Today, you probably won’t see many men donning a pair of towering stilettos, but this beloved women’s fashion accessory did start out with men. High heels can be traced back to ninth century Persian horseback warriors, who wore them to keep their feet from sliding out of their stirrups.
A few hundred years later, European aristocrats began wearing them to distinguish themselves from the lower classes, then wealthy women adopted this trend from the men as a way to demonstrate “masculine traits” to gain more power and recognition for themselves.
The use of wigs started as early as 2700 BC, but died down a bit until the seventeenth century when European royals began donning them. Louis XIV in particular made white, curly wigs highly popular for men in his day and age.
Women started shaving their heads and wearing wigs around the late seventeenth century as a status symbol until the wig lost popularity in the early twentieth century.
A good blazer is a staple in every professional woman’s wardrobe, but this wasn’t always the case. In the mid-1800s, the crew of the HMS Blazer (not joking) began wearing blue and white jackets that were later dubbed, “blazers.”
Blazers really didn’t start gaining momentum in the world of women’s fashion until the 2000s, but it doesn’t seem to be a trend that’s slowing down anytime soon.
Now, they’re every woman’s favorite go-to shirt, but button-downs actually originated under the name, “polo shirts” because men wore these buttoned, collared shirts while playing polo in the late nineteenth century.
Women began wearing these tops in the late twentieth century, and they’ve steadily grown in popularity for both of the sexes since then.
Jumpsuits and rompers are all the rage in women’s summertime fashion right now, but the jumpsuit was actually developed as workwear for men in the early twentieth century. Jumpsuits entered the fashion world in the 1950s as part of the pin-up trend and continued to be popular in the '60s and '70s.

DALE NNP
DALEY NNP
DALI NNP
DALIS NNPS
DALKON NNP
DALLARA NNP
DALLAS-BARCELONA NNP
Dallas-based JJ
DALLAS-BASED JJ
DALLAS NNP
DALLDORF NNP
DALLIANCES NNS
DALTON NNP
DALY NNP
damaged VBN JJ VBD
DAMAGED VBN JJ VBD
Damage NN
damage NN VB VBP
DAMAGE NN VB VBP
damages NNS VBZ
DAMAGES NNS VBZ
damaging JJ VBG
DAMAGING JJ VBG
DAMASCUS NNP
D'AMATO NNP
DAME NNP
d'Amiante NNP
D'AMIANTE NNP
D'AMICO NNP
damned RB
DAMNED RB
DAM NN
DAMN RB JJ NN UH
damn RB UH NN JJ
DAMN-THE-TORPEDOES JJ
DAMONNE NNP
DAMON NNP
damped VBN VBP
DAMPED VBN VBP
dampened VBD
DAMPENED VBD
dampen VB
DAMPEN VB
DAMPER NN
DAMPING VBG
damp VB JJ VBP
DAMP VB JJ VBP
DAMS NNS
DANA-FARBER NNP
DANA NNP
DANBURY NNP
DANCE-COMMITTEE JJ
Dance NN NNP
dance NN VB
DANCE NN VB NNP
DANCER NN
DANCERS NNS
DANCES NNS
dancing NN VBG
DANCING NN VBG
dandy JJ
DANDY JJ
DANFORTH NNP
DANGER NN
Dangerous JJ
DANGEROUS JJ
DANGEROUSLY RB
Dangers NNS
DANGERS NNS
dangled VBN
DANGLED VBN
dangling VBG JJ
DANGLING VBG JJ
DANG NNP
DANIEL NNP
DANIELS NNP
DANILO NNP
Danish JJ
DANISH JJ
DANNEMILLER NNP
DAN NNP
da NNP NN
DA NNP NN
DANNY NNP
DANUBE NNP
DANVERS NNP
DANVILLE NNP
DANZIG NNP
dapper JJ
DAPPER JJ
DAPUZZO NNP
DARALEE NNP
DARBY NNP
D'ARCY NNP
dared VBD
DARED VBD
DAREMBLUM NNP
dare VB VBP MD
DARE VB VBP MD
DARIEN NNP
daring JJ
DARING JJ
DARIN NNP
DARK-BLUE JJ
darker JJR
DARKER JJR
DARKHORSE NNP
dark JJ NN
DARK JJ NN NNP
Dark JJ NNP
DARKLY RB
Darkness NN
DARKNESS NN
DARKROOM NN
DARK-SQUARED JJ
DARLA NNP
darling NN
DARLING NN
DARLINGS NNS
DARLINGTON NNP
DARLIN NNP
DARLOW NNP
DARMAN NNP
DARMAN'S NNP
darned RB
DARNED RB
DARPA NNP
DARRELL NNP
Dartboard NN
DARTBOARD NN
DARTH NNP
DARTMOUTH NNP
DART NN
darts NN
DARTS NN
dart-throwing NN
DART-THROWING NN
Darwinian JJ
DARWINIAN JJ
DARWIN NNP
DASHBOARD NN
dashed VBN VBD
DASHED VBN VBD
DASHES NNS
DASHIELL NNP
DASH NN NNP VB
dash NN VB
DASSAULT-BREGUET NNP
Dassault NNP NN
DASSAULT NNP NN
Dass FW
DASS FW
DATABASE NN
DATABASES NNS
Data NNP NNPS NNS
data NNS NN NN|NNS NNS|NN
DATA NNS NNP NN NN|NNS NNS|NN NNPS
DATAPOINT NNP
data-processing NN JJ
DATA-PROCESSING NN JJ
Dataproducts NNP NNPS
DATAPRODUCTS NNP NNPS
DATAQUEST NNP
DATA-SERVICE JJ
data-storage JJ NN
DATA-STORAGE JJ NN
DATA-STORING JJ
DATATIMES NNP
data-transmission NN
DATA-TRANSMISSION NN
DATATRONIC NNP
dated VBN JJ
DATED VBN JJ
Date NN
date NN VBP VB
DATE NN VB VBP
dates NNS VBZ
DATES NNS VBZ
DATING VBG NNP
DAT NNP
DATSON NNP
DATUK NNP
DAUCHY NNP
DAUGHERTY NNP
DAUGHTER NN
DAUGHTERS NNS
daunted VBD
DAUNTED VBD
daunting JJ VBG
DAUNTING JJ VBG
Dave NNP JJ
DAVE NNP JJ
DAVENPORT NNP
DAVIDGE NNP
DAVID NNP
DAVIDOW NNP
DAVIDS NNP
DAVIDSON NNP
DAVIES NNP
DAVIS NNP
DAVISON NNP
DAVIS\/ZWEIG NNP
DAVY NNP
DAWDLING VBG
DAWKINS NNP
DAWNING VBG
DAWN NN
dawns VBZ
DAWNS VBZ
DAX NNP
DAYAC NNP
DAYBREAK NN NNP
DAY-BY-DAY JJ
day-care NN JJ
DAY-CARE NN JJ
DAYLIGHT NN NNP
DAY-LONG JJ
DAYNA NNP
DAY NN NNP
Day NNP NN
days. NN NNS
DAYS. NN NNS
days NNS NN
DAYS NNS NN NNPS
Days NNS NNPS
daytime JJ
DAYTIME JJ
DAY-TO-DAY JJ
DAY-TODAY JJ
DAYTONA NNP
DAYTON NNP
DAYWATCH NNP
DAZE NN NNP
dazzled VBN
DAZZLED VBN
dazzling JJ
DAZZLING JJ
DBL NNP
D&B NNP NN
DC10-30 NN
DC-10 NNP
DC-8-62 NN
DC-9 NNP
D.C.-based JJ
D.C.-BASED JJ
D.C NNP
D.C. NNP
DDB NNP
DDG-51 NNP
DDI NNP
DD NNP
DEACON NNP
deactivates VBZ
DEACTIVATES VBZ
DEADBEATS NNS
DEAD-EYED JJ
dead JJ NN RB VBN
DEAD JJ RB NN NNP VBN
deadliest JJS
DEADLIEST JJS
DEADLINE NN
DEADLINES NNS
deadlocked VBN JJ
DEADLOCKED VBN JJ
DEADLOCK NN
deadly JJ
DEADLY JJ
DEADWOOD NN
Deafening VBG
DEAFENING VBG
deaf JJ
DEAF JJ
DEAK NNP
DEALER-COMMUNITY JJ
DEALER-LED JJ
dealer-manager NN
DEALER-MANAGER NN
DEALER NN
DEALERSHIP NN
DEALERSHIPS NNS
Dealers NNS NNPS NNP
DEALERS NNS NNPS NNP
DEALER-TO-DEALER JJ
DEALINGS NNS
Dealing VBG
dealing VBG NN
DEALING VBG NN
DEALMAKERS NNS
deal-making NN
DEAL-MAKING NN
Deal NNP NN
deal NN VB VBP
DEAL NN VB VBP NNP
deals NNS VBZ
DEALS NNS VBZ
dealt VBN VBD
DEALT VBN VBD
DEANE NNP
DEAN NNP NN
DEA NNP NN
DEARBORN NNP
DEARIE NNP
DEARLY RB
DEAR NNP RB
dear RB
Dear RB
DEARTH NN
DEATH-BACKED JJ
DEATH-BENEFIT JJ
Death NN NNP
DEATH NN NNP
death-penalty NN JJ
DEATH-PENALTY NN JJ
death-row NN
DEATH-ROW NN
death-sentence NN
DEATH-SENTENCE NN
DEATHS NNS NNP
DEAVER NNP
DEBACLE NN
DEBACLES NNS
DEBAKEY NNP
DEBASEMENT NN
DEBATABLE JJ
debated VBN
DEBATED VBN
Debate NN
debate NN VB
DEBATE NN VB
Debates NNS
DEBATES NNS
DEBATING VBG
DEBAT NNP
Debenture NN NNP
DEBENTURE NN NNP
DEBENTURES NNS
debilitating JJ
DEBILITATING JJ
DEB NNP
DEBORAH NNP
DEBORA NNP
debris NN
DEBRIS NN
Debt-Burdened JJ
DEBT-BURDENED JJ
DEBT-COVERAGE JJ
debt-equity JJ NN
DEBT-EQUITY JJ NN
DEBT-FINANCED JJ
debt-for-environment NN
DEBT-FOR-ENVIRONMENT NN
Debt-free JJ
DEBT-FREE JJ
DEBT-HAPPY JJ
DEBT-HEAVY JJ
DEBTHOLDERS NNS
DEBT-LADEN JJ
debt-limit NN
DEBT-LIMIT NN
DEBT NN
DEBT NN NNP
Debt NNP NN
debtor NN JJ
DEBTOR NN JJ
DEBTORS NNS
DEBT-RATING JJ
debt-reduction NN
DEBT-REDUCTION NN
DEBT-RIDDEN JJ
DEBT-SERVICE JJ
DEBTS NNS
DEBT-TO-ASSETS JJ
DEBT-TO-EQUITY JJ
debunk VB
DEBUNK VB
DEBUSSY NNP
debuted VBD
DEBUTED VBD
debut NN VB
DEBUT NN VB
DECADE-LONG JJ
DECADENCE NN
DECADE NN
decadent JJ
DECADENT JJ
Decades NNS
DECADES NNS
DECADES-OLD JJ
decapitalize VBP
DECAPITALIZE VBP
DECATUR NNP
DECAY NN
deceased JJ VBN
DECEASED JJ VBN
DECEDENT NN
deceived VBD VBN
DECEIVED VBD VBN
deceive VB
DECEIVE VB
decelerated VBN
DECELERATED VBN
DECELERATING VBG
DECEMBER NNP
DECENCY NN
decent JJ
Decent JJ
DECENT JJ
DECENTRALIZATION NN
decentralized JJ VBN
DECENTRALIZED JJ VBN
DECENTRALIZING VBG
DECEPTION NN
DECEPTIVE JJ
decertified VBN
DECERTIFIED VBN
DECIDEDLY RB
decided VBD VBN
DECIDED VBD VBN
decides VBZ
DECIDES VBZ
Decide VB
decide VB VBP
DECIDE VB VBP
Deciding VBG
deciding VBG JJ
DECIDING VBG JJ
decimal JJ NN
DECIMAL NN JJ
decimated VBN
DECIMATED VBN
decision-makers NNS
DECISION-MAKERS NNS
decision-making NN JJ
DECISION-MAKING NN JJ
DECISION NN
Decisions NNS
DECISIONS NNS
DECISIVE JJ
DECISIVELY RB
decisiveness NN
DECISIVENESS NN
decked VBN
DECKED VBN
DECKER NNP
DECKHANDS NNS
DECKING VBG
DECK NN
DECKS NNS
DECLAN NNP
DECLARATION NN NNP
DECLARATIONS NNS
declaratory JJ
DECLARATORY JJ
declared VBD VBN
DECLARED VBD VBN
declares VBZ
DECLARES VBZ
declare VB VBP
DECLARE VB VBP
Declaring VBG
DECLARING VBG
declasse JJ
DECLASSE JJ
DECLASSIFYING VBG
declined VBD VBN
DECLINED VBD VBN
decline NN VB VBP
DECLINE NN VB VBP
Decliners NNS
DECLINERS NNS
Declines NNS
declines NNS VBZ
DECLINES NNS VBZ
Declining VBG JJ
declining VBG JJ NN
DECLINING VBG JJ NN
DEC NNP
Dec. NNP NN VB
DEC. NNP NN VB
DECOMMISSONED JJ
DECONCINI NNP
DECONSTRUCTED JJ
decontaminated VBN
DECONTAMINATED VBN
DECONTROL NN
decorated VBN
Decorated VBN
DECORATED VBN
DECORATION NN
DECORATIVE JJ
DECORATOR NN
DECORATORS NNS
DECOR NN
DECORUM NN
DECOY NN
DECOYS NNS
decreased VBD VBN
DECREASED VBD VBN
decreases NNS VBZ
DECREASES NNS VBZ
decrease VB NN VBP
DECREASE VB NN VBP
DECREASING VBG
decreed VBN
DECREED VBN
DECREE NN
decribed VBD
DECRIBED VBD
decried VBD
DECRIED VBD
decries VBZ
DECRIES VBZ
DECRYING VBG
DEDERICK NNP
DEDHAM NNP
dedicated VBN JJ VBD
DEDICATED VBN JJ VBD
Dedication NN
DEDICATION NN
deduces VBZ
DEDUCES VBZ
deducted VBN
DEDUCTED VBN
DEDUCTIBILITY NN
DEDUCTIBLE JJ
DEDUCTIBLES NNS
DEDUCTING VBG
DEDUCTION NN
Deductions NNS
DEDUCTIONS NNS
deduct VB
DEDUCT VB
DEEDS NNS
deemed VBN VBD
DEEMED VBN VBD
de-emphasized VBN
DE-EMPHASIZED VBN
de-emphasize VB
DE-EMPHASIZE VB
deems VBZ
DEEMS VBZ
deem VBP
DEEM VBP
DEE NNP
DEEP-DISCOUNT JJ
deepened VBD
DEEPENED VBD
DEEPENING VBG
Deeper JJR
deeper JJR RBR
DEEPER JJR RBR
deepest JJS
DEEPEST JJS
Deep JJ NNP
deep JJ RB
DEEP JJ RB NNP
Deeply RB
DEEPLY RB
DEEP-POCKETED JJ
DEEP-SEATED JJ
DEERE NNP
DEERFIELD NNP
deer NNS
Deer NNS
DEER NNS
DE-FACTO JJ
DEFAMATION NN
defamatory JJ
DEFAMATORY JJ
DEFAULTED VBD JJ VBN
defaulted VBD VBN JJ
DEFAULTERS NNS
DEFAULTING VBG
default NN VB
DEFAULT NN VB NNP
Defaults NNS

Jumpsuits saw a decline for a few decades, but they’ve recently picked up a lot of steam and are some of the chicest articles of clothing on the runway.
I ask you, what is life without a pair of leopard print loafers? We’re so thankful they got their start in Norway in the 1930s and blew up in the States later that decade.
Men were the first ones to start wearing these comfortable shoes as everyday footwear, but women weren’t far behind and began donning them in the 1950s.
All debate about gender roles and gender-specific colors aside, the fact is that most people associate pink with girls and blue with boys, especially for babies. Well, it will probably surprise you to know that men primarily wore pink in the past, starting as early as the 1700s!
It wasn’t until after World War II that women started wearing the color pink on a regular basis.
Painting or decorating one’s face has been around for thousands of years, and it is believed to have started with ancient Egyptian pharaohs painting their faces and using kohl to line their eyes in about 4000 BC.
Makeup has been an essential part of many societies, and women actually began using makeup to impress the gods in that same Egyptian society only a few hundred years later.
We can’t imagine it being fall or winter and not wearing boots, so we’re especially glad that boots were invented around 1000 BC by nomads and further developed by European militaries in the seventeenth century to keep soldier’s feet protected and warm.
Women’s boots hit the fashion world by storm in the 1970s, and they’ve kept up their appeal to this day with riding boots, combat boots, ankle boots, and more.
The old his and hers watches used to be composed of one large-faced watch (for men) and one small, dainty watch (for women). Men began wearing large-faced wristwatches as early as the sixteenth century, and it wasn’t until the 2000s that women started getting onboard with this trend.
Now these watches are more popular than ever for women with the coveted Michael Kors timepieces taking center stage in the world of women’s accessories.